514 Market Street,
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Architects: Oscar Cobb
Styles: French Renaissance
Previous Names: Varieties, DeBar's Opera House, Grand Opera House
The Grand Opera House dates back to 1852 and began as the Varieties, a unique oval-shaped building that resembled the Barthelems Theatre of Paris. Opened by Joseph M. Field on May 10, 1852, the opulent Varieties had nothing moderate about it – not even the admission charge which eventually discouraged people from attending.
Aside from its oval design, the Varieties had another unique feature. The floor could be raised to slope downard during plays and levelled flat for the renowned Grand Balls held there. It has been the only theatre in St. Louis that had a floor with interchangeable levels – fancy technology for the mid-nineteenth century. The building soon became more popular for its dances than its plays. Unfortunately, St. Louisians did not respond to this expensive theatre which Field had hoped would attract fashionable audiences.
The building closed for three years and reopened under the management of Henry Bernstein. Re-redecorated, the edifice was sold it to Benjamin DeBar, who later named the theatre after himself, DeBar’s Opera House. Four years later, DeBar dies: John W. Norton assumed management and changed the name to the Grand Opera House. Under his seven-year management, the Opera House did well.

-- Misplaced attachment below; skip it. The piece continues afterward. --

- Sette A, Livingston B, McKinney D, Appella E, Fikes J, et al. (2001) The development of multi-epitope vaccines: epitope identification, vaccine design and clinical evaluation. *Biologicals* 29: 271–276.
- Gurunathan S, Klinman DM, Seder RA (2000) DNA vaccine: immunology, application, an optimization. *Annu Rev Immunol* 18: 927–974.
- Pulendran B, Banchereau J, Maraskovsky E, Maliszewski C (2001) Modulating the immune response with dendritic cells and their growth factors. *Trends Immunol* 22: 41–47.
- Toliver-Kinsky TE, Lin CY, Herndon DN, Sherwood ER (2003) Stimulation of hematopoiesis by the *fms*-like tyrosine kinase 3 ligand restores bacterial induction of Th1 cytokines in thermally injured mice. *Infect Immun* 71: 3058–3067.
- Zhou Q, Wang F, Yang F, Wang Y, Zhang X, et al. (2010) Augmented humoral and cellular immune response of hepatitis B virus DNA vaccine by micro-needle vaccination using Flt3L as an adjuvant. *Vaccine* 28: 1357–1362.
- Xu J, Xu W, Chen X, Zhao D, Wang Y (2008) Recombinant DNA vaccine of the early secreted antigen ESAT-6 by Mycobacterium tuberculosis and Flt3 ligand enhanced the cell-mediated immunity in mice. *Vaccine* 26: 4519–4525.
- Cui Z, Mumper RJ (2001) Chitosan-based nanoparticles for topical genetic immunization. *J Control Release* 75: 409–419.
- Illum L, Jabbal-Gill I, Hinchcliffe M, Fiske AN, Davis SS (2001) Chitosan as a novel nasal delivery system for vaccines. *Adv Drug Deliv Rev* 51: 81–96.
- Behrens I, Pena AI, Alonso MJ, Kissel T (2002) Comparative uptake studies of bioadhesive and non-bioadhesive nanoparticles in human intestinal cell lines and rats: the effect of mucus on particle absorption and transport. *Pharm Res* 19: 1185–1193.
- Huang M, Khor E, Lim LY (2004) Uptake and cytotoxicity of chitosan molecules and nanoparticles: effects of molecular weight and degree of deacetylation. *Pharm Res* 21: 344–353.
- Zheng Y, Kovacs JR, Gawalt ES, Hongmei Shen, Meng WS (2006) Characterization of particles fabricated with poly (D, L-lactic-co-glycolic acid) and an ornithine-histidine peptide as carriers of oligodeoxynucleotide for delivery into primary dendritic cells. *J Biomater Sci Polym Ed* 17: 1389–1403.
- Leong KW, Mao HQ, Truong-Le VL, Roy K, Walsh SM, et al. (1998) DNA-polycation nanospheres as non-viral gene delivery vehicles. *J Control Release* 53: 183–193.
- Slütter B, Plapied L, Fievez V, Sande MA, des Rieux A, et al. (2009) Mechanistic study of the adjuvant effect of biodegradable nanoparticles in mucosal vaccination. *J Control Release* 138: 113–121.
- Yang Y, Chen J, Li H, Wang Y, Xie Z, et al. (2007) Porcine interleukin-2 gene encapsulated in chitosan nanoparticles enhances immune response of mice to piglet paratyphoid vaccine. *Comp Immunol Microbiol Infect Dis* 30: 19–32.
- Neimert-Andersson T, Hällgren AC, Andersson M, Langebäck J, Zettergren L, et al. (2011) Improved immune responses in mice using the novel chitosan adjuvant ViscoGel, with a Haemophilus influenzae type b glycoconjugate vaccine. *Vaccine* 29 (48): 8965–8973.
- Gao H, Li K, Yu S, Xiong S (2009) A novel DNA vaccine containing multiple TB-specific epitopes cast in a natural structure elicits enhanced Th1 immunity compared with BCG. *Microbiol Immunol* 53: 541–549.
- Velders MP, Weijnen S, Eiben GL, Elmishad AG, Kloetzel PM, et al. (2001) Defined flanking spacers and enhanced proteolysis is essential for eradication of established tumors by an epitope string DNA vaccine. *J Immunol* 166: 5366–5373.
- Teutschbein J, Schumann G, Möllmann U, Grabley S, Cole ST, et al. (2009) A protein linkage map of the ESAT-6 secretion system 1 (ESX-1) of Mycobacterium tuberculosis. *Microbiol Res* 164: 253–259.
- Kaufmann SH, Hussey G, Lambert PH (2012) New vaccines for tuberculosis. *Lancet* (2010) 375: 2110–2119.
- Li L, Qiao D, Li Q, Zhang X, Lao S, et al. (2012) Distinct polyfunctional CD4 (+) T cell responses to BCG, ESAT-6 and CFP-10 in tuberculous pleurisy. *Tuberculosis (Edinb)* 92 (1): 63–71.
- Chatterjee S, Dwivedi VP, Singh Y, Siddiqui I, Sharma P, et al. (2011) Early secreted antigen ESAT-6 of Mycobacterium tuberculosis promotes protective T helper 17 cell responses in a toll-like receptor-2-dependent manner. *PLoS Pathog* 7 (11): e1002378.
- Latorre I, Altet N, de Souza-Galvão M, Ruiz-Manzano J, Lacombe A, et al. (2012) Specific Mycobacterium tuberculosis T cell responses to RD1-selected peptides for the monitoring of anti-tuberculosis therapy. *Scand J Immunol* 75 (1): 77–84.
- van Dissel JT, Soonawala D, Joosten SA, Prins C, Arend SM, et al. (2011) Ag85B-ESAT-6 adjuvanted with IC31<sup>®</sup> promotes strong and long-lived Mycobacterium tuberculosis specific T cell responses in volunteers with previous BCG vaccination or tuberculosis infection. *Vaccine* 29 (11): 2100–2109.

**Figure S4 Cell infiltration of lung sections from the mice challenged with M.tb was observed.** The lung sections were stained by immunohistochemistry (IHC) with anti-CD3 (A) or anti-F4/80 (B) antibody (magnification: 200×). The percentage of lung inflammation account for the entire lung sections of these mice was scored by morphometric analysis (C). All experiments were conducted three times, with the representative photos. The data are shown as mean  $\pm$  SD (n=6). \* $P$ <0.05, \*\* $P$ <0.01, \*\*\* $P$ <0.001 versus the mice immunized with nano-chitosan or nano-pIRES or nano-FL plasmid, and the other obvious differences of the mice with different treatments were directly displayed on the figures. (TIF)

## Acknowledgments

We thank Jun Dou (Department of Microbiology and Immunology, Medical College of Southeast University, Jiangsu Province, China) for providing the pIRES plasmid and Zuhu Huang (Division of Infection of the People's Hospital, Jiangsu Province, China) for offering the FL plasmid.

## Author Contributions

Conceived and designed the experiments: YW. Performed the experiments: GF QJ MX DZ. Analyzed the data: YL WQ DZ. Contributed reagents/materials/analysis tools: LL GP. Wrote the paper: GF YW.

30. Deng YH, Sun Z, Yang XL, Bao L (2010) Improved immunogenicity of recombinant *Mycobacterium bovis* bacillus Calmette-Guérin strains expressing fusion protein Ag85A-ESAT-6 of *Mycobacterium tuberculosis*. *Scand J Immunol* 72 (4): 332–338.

In 1884, a fire started in the box office and soon spread to the gas jets onstage. The gas caused an explosion and demolished the building. Little was left.
But the Grand Opera House was rebuilt to the designs of architect Oscar Cobb, and became a burlesque house in the twentieth century. This rebuilding so radically changed the facade that it looked like an entirely different edifice.
Located on the south side of Market Street between Broadway and Sixth Street, the Grand Theatre began by producing opera, then legitimate plays, vaudevlle, movies and started the burlesque shows in the 1940’s, operating as the Grand Follies Theatre. In 1963, the famous house was slated for demolition which proved to be a cultural loss for the city.
The Grand Theatre – the city’s oldest major theatre – had an attractive facade. Classical architecture was its predominant feature. The three story front had two stories of vaulted arches spanning the building and the third story with arched windows. The theatre’s personality was formed over time. It was both nostalgic and beautiful.
A sports stadium project, now Busch Stadium, would be built in its place. Busch Stadium is an attractive architectural edifice. Bush Stadium has also been used as a theatre. When The Beatles came to St. Louis in 1966, the stadium, which held 60,000, was sold out. Although St. Louis lost its magnificant Grand Opera House, it gained a significant addition to the city.
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